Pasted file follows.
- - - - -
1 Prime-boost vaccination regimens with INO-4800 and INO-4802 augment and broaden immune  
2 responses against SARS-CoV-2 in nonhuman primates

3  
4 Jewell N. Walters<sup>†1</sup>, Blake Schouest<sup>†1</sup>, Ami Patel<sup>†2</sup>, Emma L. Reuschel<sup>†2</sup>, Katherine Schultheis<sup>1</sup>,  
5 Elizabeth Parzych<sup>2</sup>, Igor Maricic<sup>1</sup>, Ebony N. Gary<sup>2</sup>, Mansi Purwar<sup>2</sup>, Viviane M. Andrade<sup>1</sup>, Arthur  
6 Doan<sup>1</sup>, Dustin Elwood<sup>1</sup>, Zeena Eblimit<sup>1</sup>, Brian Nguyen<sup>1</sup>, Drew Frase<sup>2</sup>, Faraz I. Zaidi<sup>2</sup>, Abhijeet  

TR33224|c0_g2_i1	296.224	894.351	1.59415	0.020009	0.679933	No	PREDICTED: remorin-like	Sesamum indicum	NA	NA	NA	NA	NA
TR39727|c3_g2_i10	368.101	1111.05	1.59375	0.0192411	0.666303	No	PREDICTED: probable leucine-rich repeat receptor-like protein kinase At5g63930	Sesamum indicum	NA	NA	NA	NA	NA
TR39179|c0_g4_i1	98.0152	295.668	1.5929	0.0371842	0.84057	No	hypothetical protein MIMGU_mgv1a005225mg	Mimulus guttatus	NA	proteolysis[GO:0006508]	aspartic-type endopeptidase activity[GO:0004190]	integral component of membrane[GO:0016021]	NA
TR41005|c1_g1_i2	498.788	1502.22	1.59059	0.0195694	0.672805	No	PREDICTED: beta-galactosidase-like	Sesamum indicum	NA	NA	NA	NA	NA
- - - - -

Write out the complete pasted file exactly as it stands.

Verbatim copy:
1 Prime-boost vaccination regimens with INO-4800 and INO-4802 augment and broaden immune  
2 responses against SARS-CoV-2 in nonhuman primates

3  
4 Jewell N. Walters<sup>†1</sup>, Blake Schouest<sup>†1</sup>, Ami Patel<sup>†2</sup>, Emma L. Reuschel<sup>†2</sup>, Katherine Schultheis<sup>1</sup>,  
5 Elizabeth Parzych<sup>2</sup>, Igor Maricic<sup>1</sup>, Ebony N. Gary<sup>2</sup>, Mansi Purwar<sup>2</sup>, Viviane M. Andrade<sup>1</sup>, Arthur  
6 Doan<sup>1</sup>, Dustin Elwood<sup>1</sup>, Zeena Eblimit<sup>1</sup>, Brian Nguyen<sup>1</sup>, Drew Frase<sup>2</sup>, Faraz I. Zaidi<sup>2</sup>, Abhijeet  

TR33224|c0_g2_i1	296.224	894.351	1.59415	0.020009	0.679933	No	PREDICTED: remorin-like	Sesamum indicum	NA	NA	NA	NA	NA
TR39727|c3_g2_i10	368.101	1111.05	1.59375	0.0192411	0.666303	No	PREDICTED: probable leucine-rich repeat receptor-like protein kinase At5g63930	Sesamum indicum	NA	NA	NA	NA	NA
TR39179|c0_g4_i1	98.0152	295.668	1.5929	0.0371842	0.84057	No	hypothetical protein MIMGU_mgv1a005225mg	Mimulus guttatus	NA	proteolysis[GO:0006508]	aspartic-type endopeptidase activity[GO:0004190]	integral component of membrane[GO:0016021]	NA
TR41005|c1_g1_i2	498.788	1502.22	1.59059	0.0195694	0.672805	No	PREDICTED: beta-galactosidase-like	Sesamum indicum	NA	NA	NA	NA	NA